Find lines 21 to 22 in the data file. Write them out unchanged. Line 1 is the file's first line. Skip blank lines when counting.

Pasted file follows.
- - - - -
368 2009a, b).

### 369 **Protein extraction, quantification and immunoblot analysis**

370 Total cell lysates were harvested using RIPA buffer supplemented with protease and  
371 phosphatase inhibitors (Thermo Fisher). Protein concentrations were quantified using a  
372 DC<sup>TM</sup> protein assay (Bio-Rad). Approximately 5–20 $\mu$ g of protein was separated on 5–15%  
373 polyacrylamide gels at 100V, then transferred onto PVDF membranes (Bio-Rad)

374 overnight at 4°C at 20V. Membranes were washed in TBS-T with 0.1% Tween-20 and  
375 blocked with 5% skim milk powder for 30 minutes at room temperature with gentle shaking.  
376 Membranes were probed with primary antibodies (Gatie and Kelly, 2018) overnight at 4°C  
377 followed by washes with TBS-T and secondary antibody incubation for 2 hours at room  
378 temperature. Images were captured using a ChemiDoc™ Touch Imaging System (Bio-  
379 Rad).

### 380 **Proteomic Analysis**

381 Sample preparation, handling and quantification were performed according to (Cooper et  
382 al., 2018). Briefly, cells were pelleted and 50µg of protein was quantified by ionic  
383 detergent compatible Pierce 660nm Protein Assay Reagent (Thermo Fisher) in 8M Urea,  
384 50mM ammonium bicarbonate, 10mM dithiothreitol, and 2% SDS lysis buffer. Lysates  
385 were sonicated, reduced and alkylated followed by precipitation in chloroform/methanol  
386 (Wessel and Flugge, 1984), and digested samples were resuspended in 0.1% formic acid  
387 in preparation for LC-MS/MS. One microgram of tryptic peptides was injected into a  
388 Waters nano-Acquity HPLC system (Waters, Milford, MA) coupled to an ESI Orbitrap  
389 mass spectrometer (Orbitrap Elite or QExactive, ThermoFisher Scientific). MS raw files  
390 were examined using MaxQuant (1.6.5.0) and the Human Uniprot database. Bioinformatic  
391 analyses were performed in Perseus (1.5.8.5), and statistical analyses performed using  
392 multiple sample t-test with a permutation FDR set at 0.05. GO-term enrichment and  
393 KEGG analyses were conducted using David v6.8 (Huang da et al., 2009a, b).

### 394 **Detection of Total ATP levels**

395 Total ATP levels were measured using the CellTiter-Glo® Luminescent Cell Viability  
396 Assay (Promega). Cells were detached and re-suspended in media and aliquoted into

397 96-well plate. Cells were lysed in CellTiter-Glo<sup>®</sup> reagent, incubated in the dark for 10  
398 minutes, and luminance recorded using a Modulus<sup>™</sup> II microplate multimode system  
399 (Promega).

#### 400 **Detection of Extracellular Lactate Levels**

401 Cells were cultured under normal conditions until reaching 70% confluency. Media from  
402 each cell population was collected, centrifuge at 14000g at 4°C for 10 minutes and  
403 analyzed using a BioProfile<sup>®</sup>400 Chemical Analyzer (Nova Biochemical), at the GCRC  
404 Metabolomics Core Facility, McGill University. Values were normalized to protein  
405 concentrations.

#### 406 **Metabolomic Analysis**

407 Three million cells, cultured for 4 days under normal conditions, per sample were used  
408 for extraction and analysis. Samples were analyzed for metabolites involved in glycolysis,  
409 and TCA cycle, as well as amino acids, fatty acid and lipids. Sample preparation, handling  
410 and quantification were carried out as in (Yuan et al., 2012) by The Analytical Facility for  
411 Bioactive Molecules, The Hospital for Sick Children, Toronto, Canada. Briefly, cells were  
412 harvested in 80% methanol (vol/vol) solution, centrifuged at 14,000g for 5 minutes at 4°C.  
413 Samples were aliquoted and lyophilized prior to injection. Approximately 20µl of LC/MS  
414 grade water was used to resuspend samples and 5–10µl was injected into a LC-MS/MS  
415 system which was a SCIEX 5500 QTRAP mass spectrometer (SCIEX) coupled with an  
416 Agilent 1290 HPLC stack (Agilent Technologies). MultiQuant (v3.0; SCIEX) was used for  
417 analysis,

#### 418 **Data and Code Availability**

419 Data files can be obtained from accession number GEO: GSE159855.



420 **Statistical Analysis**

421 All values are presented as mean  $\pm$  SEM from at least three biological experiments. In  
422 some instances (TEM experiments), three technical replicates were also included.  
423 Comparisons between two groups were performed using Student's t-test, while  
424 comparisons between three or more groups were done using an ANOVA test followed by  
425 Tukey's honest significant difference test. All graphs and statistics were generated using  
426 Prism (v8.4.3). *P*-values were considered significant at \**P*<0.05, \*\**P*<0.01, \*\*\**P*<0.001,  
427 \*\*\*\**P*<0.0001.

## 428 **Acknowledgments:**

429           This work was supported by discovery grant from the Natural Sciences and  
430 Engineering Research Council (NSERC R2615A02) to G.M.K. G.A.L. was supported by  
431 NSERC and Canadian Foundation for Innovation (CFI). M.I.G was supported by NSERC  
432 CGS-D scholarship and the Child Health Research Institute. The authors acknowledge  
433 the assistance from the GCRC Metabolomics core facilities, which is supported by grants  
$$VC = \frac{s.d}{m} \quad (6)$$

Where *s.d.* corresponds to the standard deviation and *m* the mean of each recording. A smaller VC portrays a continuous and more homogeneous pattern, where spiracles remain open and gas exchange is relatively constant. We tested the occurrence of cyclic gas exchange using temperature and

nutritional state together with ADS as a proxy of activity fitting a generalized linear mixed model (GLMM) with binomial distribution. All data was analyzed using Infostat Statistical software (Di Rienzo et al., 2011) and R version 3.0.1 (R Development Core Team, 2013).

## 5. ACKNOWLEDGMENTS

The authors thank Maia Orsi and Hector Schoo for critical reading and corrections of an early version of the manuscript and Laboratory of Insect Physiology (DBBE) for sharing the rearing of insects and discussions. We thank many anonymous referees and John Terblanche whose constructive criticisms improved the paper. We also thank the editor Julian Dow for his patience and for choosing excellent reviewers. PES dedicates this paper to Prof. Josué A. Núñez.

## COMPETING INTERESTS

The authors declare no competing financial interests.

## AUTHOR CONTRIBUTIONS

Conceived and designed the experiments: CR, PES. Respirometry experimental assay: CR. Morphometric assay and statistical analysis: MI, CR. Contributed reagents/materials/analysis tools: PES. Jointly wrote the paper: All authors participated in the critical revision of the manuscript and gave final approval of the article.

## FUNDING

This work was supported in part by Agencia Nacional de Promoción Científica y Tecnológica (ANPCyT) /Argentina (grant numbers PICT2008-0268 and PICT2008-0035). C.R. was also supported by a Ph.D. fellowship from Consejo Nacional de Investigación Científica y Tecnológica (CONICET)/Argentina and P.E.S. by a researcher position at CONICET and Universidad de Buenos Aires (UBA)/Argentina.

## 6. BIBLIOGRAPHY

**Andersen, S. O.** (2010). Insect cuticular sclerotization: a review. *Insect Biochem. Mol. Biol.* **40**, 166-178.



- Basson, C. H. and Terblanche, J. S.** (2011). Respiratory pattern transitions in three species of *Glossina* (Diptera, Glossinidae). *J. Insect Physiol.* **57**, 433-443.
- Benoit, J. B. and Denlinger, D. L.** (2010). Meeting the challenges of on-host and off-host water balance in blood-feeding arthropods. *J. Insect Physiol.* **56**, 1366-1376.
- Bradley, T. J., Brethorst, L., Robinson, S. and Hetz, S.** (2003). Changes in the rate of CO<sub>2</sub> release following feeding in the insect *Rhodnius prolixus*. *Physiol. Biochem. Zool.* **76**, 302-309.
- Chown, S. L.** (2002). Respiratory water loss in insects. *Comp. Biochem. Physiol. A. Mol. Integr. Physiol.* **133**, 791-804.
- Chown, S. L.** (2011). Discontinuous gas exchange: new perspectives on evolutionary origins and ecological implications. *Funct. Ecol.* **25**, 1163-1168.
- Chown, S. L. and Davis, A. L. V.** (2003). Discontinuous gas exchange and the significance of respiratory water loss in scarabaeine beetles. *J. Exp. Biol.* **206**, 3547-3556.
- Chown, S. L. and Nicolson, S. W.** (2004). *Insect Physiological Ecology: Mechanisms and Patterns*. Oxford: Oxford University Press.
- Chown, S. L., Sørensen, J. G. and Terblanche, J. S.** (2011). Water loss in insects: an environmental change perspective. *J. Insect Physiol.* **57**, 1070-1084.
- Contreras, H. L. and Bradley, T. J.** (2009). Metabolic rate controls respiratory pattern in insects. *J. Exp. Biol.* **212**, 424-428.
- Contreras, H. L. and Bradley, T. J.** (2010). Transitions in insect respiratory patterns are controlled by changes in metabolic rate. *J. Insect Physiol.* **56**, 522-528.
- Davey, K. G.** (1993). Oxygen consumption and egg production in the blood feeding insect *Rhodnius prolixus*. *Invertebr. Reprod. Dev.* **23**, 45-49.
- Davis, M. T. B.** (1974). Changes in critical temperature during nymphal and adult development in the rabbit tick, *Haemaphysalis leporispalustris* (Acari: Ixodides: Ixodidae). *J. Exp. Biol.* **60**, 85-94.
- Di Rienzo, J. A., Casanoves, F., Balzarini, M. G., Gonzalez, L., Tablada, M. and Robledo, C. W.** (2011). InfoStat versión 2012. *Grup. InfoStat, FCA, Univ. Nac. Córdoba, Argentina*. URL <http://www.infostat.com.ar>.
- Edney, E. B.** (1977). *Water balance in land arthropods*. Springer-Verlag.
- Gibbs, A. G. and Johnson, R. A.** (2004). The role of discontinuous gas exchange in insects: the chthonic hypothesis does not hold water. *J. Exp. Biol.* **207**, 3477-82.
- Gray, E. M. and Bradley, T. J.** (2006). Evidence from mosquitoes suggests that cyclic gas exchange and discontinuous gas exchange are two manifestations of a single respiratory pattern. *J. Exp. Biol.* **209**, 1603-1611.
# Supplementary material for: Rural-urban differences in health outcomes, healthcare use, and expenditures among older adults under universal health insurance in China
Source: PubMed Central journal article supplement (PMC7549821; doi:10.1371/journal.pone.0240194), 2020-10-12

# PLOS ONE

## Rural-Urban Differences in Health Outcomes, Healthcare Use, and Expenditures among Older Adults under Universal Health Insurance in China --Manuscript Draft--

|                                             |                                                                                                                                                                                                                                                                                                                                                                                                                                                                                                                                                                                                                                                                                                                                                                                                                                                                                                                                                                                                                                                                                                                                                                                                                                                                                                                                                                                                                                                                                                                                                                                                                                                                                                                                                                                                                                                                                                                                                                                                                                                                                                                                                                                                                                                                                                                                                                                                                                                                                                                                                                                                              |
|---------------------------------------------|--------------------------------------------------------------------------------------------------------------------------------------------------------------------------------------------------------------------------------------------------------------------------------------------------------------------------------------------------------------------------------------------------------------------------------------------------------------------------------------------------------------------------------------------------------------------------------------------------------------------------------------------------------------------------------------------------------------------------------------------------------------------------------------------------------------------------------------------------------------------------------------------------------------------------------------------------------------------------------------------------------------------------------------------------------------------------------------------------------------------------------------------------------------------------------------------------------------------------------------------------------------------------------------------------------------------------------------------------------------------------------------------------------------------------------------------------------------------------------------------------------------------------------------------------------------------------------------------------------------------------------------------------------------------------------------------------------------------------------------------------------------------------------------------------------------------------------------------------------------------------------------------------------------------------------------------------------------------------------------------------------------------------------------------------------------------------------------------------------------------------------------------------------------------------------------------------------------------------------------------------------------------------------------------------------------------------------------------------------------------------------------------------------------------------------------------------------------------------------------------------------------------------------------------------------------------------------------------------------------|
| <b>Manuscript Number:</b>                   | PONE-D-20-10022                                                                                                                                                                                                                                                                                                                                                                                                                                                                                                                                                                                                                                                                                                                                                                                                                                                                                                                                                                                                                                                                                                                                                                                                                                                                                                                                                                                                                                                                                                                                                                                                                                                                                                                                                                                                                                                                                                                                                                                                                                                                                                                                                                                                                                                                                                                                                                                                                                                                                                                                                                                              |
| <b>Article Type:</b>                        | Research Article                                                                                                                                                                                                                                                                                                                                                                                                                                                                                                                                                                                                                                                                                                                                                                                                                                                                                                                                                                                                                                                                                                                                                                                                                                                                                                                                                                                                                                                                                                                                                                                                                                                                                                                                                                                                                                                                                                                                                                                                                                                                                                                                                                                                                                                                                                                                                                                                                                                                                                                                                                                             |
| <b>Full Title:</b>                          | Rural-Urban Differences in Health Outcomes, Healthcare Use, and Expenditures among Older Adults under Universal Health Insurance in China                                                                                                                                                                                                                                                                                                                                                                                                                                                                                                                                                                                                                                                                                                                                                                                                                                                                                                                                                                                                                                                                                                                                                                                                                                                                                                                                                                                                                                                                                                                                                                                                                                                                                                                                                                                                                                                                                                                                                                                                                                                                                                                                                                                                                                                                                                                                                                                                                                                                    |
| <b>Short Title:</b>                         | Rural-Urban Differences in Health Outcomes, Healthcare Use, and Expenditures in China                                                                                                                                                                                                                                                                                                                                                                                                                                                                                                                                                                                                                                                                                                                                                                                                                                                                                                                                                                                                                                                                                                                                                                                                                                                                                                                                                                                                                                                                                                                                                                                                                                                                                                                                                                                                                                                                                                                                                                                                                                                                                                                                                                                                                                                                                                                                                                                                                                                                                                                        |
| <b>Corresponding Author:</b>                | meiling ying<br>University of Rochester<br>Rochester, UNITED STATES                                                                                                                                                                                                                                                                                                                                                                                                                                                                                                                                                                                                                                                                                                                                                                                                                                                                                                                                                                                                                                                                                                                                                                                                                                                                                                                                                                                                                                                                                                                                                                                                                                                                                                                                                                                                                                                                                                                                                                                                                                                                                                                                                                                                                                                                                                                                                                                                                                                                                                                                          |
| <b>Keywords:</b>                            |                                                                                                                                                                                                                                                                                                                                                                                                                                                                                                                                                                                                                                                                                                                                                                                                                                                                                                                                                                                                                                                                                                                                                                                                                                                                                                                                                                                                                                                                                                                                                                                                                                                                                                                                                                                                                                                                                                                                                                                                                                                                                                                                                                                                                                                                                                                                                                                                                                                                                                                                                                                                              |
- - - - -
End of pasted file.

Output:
388 Waters nano-Acquity HPLC system (Waters, Milford, MA) coupled to an ESI Orbitrap  
389 mass spectrometer (Orbitrap Elite or QExactive, ThermoFisher Scientific). MS raw files  